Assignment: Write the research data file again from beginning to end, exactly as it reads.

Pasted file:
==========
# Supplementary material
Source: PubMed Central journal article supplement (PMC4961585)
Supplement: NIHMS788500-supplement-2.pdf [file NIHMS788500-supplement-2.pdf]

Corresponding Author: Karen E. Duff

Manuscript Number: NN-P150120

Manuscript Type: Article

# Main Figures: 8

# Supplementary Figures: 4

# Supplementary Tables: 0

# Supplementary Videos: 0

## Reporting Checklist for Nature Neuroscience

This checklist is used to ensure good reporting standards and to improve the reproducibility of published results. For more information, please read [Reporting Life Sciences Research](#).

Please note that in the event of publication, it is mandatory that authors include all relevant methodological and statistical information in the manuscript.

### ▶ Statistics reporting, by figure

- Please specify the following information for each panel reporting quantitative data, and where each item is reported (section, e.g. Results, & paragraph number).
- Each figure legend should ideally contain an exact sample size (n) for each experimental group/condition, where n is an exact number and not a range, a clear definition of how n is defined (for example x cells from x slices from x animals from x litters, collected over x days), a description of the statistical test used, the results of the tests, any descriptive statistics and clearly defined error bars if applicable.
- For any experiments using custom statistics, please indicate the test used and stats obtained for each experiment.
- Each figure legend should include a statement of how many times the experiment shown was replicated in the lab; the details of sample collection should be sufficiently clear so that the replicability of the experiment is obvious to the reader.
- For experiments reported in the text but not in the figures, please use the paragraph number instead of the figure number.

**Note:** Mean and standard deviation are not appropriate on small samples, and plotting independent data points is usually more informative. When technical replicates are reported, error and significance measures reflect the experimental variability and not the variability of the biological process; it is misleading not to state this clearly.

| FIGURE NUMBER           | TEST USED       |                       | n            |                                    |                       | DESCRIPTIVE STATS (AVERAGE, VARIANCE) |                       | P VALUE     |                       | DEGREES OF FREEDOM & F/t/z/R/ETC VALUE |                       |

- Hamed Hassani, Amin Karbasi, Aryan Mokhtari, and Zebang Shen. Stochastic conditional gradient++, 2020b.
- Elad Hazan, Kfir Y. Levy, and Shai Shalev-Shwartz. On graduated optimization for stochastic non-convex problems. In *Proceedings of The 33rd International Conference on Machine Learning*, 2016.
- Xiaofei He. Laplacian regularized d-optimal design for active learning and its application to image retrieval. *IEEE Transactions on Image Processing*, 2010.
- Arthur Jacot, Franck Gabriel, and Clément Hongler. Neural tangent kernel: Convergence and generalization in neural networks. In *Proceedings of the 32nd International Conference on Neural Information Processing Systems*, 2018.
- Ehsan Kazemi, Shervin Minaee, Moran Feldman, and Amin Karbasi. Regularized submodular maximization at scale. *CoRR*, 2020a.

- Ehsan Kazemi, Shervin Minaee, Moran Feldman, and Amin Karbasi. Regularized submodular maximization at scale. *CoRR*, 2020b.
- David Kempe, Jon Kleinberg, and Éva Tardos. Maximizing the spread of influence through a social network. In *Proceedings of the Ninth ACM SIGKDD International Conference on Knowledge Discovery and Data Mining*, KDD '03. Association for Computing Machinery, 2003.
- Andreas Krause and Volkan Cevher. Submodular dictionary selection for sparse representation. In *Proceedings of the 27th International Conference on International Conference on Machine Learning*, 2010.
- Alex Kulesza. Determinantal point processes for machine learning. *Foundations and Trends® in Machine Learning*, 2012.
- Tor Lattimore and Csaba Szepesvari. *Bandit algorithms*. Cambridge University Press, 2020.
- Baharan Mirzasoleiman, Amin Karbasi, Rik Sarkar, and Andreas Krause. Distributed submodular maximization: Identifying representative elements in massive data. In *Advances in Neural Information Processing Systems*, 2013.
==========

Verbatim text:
# Supplementary material
Source: PubMed Central journal article supplement (PMC4961585)
Supplement: NIHMS788500-supplement-2.pdf [file NIHMS788500-supplement-2.pdf]

Corresponding Author: Karen E. Duff

Manuscript Number: NN-P150120

Manuscript Type: Article

# Main Figures: 8

# Supplementary Figures: 4

# Supplementary Tables: 0

# Supplementary Videos: 0

## Reporting Checklist for Nature Neuroscience

This checklist is used to ensure good reporting standards and to improve the reproducibility of published results. For more information, please read [Reporting Life Sciences Research](#).

Please note that in the event of publication, it is mandatory that authors include all relevant methodological and statistical information in the manuscript.

### ▶ Statistics reporting, by figure

- Please specify the following information for each panel reporting quantitative data, and where each item is reported (section, e.g. Results, & paragraph number).
- Each figure legend should ideally contain an exact sample size (n) for each experimental group/condition, where n is an exact number and not a range, a clear definition of how n is defined (for example x cells from x slices from x animals from x litters, collected over x days), a description of the statistical test used, the results of the tests, any descriptive statistics and clearly defined error bars if applicable.
- For any experiments using custom statistics, please indicate the test used and stats obtained for each experiment.
- Each figure legend should include a statement of how many times the experiment shown was replicated in the lab; the details of sample collection should be sufficiently clear so that the replicability of the experiment is obvious to the reader.
- For experiments reported in the text but not in the figures, please use the paragraph number instead of the figure number.

**Note:** Mean and standard deviation are not appropriate on small samples, and plotting independent data points is usually more informative. When technical replicates are reported, error and significance measures reflect the experimental variability and not the variability of the biological process; it is misleading not to state this clearly.

| FIGURE NUMBER           | TEST USED       |                       | n            |                                    |                       | DESCRIPTIVE STATS (AVERAGE, VARIANCE) |                       | P VALUE     |                       | DEGREES OF FREEDOM & F/t/z/R/ETC VALUE |                       |

- Hamed Hassani, Amin Karbasi, Aryan Mokhtari, and Zebang Shen. Stochastic conditional gradient++, 2020b.
- Elad Hazan, Kfir Y. Levy, and Shai Shalev-Shwartz. On graduated optimization for stochastic non-convex problems. In *Proceedings of The 33rd International Conference on Machine Learning*, 2016.
- Xiaofei He. Laplacian regularized d-optimal design for active learning and its application to image retrieval. *IEEE Transactions on Image Processing*, 2010.
- Arthur Jacot, Franck Gabriel, and Clément Hongler. Neural tangent kernel: Convergence and generalization in neural networks. In *Proceedings of the 32nd International Conference on Neural Information Processing Systems*, 2018.
- Ehsan Kazemi, Shervin Minaee, Moran Feldman, and Amin Karbasi. Regularized submodular maximization at scale. *CoRR*, 2020a.

- Ehsan Kazemi, Shervin Minaee, Moran Feldman, and Amin Karbasi. Regularized submodular maximization at scale. *CoRR*, 2020b.
- David Kempe, Jon Kleinberg, and Éva Tardos. Maximizing the spread of influence through a social network. In *Proceedings of the Ninth ACM SIGKDD International Conference on Knowledge Discovery and Data Mining*, KDD '03. Association for Computing Machinery, 2003.
- Andreas Krause and Volkan Cevher. Submodular dictionary selection for sparse representation. In *Proceedings of the 27th International Conference on International Conference on Machine Learning*, 2010.
- Alex Kulesza. Determinantal point processes for machine learning. *Foundations and Trends® in Machine Learning*, 2012.
- Tor Lattimore and Csaba Szepesvari. *Bandit algorithms*. Cambridge University Press, 2020.
- Baharan Mirzasoleiman, Amin Karbasi, Rik Sarkar, and Andreas Krause. Distributed submodular maximization: Identifying representative elements in massive data. In *Advances in Neural Information Processing Systems*, 2013.